It took Horace Pippin forty–three years to complete his first oil painting. Why so long? Because poverty, hard physical work, war, and disabilities got in his way. Yet, all the negative experiences didn’t diminish his passion for drawing and at the age of fifty this passion eventually paid off. Here is the story of how Horace Pippin became famous.
A box of magic crayons
Horace Pippin was born as a free man only 23 years after the official end of slavery in the United States. His grandparents however, were slaves and Horace carried their suffering in his genes. His parents, who worked as domestic workers, couldn’t afford basic school materials. This meant that little Horace had to find his own way around the problems. So he decided to take part in many drawing competitions and in one of them, when he was ten, he won a box of crayons. As a result, this prize allowed him to continue coloring, an activity he loved.
Sadly, he couldn’t continue drawing for much longer. When he turned fourteen, he had to leave school to help his parents make ends meet. He did everything he could: working as a hotel boy, an iron molder, and even as a farm helper. And he continued working until the year in which American merchant ships were sunk by the German fleet and president Woodrow Wilson asked the Congress to declare the war on the Central Powers. Consequently, young and healthy American men were sent to Europe to fight and 29-year-old Horace was among them.
No combat with black men
Horace was assigned to the 369th Infantry Regiment, a division of African American soldiers. This division was later joined to the French Army, since many white American soldiers refused to march with black men. In the painting above Pippin touches upon the issues of segregation which he suffered in the army and observed in his environment. You can see him as one of the soldiers, wearing a World War I uniform.
His battalion was one of four African American regiments to see combat and Pippin, set in the front line, was shot in the right shoulder. He described this experience:
“I will say this much, I say no man can do it again. He may have the will but his body cannot stand it. I could tell a new man every time I seen him, for he would duck every time a shell came over.”– Horace Pippin, HERB.Social History for Every Classroom.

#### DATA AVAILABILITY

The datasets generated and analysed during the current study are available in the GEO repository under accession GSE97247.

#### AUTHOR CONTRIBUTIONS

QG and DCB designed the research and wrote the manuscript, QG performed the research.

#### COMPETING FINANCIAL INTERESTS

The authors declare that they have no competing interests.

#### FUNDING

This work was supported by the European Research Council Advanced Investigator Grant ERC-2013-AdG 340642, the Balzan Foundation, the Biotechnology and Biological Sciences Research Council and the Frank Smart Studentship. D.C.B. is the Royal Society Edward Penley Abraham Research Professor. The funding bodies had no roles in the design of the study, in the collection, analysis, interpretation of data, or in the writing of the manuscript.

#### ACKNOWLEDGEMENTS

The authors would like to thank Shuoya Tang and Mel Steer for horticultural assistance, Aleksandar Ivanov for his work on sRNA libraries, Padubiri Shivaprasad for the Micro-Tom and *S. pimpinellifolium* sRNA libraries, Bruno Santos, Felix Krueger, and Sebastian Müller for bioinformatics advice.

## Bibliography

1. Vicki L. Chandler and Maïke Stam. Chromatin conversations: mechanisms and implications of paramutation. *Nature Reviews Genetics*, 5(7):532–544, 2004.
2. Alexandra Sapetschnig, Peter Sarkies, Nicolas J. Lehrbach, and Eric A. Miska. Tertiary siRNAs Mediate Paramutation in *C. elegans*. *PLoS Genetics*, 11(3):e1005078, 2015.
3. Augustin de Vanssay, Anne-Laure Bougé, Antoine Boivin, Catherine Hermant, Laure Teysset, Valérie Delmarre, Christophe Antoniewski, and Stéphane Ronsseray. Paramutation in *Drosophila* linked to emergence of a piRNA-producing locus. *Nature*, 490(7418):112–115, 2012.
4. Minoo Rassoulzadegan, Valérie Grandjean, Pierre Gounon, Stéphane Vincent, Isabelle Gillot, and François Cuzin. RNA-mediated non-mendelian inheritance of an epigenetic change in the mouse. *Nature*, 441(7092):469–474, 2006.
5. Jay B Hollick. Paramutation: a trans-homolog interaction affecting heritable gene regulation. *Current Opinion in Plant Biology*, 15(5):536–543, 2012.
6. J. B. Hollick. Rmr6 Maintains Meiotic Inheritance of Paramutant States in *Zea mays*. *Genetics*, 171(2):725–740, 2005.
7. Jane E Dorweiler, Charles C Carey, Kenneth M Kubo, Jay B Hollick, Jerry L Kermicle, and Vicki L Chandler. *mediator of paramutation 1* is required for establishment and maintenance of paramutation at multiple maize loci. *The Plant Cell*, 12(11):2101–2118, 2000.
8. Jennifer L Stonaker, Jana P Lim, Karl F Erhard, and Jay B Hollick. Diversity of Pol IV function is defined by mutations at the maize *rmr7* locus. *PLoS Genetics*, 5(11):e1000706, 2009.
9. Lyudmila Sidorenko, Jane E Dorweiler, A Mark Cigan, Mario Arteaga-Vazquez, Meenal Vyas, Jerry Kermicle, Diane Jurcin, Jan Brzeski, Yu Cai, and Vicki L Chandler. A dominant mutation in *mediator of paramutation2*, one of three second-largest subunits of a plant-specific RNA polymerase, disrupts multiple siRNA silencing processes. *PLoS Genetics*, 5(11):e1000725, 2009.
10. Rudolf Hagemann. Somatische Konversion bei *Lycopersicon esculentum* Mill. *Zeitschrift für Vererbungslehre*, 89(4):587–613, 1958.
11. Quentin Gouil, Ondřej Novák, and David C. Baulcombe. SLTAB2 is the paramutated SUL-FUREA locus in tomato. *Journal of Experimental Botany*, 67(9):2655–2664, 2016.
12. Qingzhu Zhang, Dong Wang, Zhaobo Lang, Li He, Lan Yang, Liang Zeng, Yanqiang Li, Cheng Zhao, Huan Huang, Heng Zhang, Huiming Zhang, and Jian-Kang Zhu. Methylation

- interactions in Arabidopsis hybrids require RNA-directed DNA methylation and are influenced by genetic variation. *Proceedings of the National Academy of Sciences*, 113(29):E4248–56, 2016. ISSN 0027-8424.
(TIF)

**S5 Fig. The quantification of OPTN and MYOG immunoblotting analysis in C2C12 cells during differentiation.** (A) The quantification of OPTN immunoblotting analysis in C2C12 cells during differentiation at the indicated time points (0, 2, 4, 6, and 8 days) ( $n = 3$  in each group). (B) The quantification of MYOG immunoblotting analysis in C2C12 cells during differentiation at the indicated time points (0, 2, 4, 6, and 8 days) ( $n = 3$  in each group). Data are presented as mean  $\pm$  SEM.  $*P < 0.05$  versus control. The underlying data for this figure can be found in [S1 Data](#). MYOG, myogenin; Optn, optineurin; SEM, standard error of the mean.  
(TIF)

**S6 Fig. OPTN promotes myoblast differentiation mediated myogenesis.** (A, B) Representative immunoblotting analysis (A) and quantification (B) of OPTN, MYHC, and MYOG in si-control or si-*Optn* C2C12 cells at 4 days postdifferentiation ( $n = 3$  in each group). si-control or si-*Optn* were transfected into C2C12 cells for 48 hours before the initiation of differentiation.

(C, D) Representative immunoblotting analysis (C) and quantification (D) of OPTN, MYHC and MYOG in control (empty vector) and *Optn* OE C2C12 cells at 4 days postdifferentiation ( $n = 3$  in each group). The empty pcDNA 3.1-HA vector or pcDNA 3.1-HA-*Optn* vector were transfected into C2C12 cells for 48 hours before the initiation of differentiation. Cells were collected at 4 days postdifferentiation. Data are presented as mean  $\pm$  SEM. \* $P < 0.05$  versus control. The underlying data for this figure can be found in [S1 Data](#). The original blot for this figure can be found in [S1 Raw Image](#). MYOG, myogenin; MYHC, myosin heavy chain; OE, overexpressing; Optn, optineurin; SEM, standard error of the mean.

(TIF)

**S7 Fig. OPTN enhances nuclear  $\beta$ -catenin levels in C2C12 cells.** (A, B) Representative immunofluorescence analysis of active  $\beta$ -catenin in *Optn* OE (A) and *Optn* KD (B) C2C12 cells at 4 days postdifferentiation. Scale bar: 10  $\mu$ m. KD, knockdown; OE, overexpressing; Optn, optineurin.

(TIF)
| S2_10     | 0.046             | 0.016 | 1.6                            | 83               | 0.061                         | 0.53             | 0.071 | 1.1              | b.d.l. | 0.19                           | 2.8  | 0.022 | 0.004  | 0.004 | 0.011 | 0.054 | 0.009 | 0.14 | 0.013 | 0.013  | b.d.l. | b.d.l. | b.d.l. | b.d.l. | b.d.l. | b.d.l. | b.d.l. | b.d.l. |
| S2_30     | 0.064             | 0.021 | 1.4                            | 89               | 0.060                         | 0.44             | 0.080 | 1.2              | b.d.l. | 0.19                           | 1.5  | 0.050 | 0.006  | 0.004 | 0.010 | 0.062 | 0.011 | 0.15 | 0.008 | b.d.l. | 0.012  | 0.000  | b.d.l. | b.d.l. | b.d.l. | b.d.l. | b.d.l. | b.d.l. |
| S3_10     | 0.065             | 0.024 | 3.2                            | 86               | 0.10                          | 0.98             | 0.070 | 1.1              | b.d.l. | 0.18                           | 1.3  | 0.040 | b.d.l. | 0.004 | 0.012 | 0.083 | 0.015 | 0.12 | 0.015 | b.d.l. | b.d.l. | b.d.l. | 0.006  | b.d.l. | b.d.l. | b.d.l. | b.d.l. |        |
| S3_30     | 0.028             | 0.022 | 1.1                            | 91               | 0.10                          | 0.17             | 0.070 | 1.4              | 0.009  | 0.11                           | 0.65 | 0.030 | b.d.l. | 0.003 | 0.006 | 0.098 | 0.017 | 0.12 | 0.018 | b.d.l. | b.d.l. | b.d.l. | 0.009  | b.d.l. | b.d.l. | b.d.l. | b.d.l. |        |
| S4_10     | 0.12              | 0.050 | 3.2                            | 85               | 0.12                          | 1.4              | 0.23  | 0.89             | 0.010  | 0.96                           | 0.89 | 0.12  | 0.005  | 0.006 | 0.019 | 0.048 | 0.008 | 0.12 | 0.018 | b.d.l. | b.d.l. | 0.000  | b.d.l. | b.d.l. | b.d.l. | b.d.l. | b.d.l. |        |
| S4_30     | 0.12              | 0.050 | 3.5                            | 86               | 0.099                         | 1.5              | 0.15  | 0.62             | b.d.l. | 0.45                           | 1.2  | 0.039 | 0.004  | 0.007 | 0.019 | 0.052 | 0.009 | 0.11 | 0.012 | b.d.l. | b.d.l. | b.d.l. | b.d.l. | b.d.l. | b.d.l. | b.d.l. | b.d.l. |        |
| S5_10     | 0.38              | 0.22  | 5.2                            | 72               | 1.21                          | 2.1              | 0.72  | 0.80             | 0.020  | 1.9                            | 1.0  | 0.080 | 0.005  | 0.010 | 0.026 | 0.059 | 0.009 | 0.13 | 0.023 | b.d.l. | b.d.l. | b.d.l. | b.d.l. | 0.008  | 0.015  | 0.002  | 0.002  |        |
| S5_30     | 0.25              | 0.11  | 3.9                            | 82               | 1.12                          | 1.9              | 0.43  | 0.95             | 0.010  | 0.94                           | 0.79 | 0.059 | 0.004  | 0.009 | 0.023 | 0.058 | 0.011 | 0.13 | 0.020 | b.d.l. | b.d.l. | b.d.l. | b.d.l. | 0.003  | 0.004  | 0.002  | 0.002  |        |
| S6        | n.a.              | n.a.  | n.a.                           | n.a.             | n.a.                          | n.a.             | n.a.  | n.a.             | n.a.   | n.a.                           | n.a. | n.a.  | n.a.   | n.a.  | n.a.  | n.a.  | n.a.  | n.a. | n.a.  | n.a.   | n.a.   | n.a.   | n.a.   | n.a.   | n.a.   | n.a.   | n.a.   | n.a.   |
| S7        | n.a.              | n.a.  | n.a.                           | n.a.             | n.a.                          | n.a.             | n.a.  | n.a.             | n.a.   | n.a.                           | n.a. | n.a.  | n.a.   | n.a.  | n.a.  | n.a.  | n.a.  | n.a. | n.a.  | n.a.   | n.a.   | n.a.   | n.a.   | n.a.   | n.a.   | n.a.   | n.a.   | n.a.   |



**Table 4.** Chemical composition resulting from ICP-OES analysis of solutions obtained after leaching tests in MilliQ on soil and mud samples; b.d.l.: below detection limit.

Although the wound might have saved his life, he became disabled, which prevented him from finding any proper job on his return to West Chester, Pennsylvania. He barely made a living.
Painting as therapy
Now married and doing some odd jobs for a few pennies, Horace found for himself a way to deal with the horrendous memories of the war and the frustrating present situation: he began to draw again. First on discarded cigar boxes or by burning images onto wood panels using a hot poker. Later, he turned to oil in 1928. Painting had become his mental and physical therapy. To paint, he held with his left arm the right wounded arm, which was clasping the brush. It took him three years to complete the first painting. Initially, he would produce maximum three or four paintings per year.
Primitive means good?
The story of Horace Pippin received attention around 1938 when MoMA included four of his works in a traveling entitled show Masters of Popular Painting. They hit pay dirt as in early 1940s, the fascination with ‘folk’ and “naive” art was growing in the US. And since Pippin didn’t have any formal training and began attending drawing classes only after the show of 1938, he perfectly fit the “primitive” category with his flat bright colors, simple perspective, and lines. However, according to scholar Cornel West, the “primitive” lens, with which Pippin’s work had been viewed for years is in fact:
“a double bind for any Black artist: one is either excluded from the canon because one is Black (read: inferior) or included because one is Black (read: primitive).”– Metropolitan Museum of Art.
“I tell my heart to go ahead”
Hence, nowadays we should step away from harmful categorizing and look with fresh eyes on such painters like Pippin. His drive and passion for painting saved him from falling apart after the war and the lack of professional training was not even an issue for him. Because the need to express what came to his mind was stronger and this strength we should remember above all.
“Pictures just come to my mind and I tell my heart to go ahead.”– Horace Pippin, National Gallery of Art.
“The pictures . . . come to me in my mind and if to me it is a worthwhile picture I paint it . . . I do over the picture several times in my mind and when I am ready to paint it I have all the details I need.”– Horace Pippin, National Gallery of Art.
Just as Pippin was becoming famous (solo shows in Philadelphia, New York, San Francisco, and Chicago) and museums began buying his works, Pippin died in 1946. However, in the last year of his life he produced 75 paintings! What a leap from 3 to 75! Horace Pippin was indeed a man of great perseverance and patience which, in the end, bought him recognition and respect.
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